Image: Installation view of “Tania Bruguera, Hyundai Commission,” Turbine Hall, Tate Modern, 2018. Photo copyright © Tate photography (Andrew Dunkley).
through January 27, 2019

Dorothea Lange’s celebrated photographs of rural life during the Great Depression, commissioned by the Farm Security Administration, are animated by her concern for the impoverished farmers she depicts. Conveying a similar empathy are the rarely seen pictures she took of Japanese-American “evacuees” at the Manzanar internment camp during World War II. Featured in this retrospective, the series serves as a timely reminder of the US government’s history of aiming harsh policies at perceived foreigners. The exhibition—which was organized by the Oakland Museum of California, where it premiered—encompasses over 240 vintage prints and archival materials, such as a letter to Lange from John Steinbeck.

Image: Dorothea Lange, Sacramento, California. College students of Japanese ancestry who have been evacuated from Sacramento to the Assembly Center, 1942. Courtesy National Archives.

VOICES

Art in America talks to artists, curators, and other leading figures about their favorite current exhibitions.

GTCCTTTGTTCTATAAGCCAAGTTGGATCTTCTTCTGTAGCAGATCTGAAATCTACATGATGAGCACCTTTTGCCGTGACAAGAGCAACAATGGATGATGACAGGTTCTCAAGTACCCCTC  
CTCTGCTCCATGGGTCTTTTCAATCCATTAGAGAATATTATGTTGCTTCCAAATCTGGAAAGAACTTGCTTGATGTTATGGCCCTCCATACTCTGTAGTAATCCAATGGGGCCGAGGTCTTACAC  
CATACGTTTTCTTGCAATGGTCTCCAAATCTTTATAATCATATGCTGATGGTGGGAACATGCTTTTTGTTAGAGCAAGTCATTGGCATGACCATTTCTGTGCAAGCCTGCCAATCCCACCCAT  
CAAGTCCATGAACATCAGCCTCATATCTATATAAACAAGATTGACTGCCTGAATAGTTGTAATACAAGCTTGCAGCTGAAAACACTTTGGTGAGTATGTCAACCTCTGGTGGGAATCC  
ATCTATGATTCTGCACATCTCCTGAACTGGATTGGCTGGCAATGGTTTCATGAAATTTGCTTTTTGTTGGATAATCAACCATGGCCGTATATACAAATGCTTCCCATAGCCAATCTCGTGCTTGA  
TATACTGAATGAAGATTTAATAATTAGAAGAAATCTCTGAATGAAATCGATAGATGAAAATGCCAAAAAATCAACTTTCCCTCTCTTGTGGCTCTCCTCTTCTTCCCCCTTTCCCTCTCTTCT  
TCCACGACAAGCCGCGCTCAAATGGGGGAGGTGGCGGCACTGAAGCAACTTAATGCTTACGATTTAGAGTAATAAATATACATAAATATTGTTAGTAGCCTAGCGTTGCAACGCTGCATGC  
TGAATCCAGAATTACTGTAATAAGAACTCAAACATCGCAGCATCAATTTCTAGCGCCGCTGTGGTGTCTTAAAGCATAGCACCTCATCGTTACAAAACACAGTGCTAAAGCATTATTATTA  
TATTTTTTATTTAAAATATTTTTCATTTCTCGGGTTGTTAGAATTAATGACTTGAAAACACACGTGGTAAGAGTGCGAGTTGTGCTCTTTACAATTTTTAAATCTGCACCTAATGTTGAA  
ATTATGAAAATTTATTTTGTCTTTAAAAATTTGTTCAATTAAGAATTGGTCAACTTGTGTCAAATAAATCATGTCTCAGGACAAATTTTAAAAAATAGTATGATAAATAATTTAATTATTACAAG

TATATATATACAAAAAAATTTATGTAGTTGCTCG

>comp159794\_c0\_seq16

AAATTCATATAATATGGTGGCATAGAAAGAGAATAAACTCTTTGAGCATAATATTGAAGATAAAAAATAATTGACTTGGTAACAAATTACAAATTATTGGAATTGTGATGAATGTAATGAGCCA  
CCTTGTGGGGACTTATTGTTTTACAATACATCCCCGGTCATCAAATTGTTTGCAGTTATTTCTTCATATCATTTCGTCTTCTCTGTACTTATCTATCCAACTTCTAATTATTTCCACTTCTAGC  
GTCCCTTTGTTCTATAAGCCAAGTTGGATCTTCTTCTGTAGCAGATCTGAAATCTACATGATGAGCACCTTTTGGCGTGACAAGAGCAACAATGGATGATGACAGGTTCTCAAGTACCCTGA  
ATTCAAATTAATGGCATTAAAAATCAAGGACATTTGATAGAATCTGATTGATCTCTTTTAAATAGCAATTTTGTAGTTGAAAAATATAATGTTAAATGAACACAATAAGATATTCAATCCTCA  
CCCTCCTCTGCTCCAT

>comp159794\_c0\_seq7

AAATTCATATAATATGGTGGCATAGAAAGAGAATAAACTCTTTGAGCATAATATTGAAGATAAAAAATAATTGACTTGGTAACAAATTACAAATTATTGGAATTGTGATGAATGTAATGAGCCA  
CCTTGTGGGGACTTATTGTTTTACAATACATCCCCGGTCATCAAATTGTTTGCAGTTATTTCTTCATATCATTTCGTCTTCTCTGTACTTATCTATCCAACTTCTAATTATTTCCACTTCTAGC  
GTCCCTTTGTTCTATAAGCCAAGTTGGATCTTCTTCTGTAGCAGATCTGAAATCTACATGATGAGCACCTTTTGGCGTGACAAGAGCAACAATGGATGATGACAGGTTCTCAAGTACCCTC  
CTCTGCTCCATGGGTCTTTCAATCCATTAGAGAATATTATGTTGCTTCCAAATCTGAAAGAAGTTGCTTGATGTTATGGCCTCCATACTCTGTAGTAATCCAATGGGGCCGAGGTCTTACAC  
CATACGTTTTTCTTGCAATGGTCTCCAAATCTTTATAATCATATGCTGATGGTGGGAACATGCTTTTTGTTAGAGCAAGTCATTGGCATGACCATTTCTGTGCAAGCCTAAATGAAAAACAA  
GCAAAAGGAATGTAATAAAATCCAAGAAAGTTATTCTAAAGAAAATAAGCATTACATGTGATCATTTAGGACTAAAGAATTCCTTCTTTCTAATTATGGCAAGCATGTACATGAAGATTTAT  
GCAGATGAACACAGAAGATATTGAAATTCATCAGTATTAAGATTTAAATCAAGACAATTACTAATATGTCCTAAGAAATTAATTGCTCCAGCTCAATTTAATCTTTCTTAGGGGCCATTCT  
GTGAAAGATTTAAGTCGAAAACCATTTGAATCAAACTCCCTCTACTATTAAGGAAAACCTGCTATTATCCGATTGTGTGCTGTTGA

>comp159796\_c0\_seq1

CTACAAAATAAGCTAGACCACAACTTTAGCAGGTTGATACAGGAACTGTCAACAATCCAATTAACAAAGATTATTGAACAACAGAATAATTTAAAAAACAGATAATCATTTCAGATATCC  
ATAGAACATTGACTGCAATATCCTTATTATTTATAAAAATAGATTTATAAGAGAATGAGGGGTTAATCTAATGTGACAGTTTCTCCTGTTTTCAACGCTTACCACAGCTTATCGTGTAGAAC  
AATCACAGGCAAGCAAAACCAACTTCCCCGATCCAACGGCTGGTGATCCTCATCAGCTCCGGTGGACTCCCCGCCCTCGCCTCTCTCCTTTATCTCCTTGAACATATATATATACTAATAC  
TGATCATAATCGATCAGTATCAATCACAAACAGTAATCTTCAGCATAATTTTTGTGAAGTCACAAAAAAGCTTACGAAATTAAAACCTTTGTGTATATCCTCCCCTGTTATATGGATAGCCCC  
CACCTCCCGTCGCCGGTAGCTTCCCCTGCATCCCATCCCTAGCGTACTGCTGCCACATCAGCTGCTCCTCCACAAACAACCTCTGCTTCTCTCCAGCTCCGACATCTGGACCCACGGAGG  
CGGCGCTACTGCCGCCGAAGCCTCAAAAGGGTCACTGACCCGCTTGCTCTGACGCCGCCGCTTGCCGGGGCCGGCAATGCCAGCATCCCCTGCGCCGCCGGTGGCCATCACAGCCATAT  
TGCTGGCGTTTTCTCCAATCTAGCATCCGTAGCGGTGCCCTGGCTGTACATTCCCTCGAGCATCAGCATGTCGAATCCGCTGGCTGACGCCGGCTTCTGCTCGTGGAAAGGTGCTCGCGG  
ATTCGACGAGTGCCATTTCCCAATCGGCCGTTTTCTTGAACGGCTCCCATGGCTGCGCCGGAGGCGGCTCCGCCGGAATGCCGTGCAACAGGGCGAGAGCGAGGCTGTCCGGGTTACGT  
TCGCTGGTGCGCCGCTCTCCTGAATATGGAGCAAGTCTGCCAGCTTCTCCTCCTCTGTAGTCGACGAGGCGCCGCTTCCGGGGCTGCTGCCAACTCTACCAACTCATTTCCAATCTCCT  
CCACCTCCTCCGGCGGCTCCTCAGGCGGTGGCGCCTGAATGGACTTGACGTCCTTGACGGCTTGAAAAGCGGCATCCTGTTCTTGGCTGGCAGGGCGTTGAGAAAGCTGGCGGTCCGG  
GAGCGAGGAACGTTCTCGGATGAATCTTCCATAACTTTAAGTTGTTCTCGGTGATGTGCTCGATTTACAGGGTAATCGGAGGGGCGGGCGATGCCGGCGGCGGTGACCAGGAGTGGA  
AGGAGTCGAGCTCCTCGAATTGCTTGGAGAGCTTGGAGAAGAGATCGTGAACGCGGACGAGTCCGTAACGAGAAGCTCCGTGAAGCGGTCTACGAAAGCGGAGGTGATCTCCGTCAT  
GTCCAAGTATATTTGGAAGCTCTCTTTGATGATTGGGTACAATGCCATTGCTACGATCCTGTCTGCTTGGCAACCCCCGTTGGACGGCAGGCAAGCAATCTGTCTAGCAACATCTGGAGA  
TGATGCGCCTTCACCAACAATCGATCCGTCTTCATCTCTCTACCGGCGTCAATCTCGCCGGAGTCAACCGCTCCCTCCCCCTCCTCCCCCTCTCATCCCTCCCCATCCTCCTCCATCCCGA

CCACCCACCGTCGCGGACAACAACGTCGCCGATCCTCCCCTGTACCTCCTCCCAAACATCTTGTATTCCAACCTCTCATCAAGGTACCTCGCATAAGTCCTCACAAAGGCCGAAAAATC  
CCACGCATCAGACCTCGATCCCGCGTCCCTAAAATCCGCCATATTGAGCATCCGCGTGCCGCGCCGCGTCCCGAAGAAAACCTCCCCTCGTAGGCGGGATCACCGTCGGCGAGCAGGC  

What to see in New York: Curator Phillip March Jones on shows up now [posted 12/10/18]

“You know it when you see it.” Read More »
Image: Hilma af Klint, Group IV, The Ten Largest, No. 7, Adulthood (Grupp IV, De tio största, nr 7, Mannaåldern), 1907, tempera on paper mounted on canvas, 124 x 92 ½ inches. The Hilma af Klint Foundation, Stockholm. Photo: Albin Dahlström, the Moderna Museet, Stockholm.

What to see in Los Angeles: Artist Anna Betbeze on shows up now [posted 10/26/18]

“The works I’m most attracted to, that make the most sense to me at this moment, are by artists who are looking deeply at our broken world and trying to reconfigure it.” Read More »
Image: Installation view of “B. Wurtz: This Has No Name,” Institute of Contemporary Art, Los Angles, September 30, 2018–January 27, 2019. Courtesy of the artist and Metro Pictures, New York. Photo: Jonathan Velardi.

What to see in Los Angeles: Vincent Price Art Museum director Pilar Tompkins Rivas on shows up now [posted 1/8/19]

“I’m always one for opening up the narrative around art history and questioning how the canon is defined.” Read More »
Image: Alan Shields, Shape-Up, 1976–77, acrylic, thread, and beads on canvas belting, 75 × 72 inches. Courtesy of the Drawing Room, East Hampton, New York. Copyright © Alan Shields Estate. Photo: Gary Mamay. In “Outliers,” Los Angeles County Museum of Art, November 18, 2018–March 17, 2019.

What to see in New York: Photographer Dawoud Bey on shows up now [published 08/09/2018]

“I get back to my New York City hometown periodically, and more often than not I’m drawn there by exhibitions that I know will haunt me if I miss them.” Read More »
Image: Maren Hassinger, Monuments, 2018, eight site-specific sculptures in Marcus Garvey Park, Harlem, dimensions variable. Courtesy the artist and Susan Inglett Gallery. Photo: Adam Reich.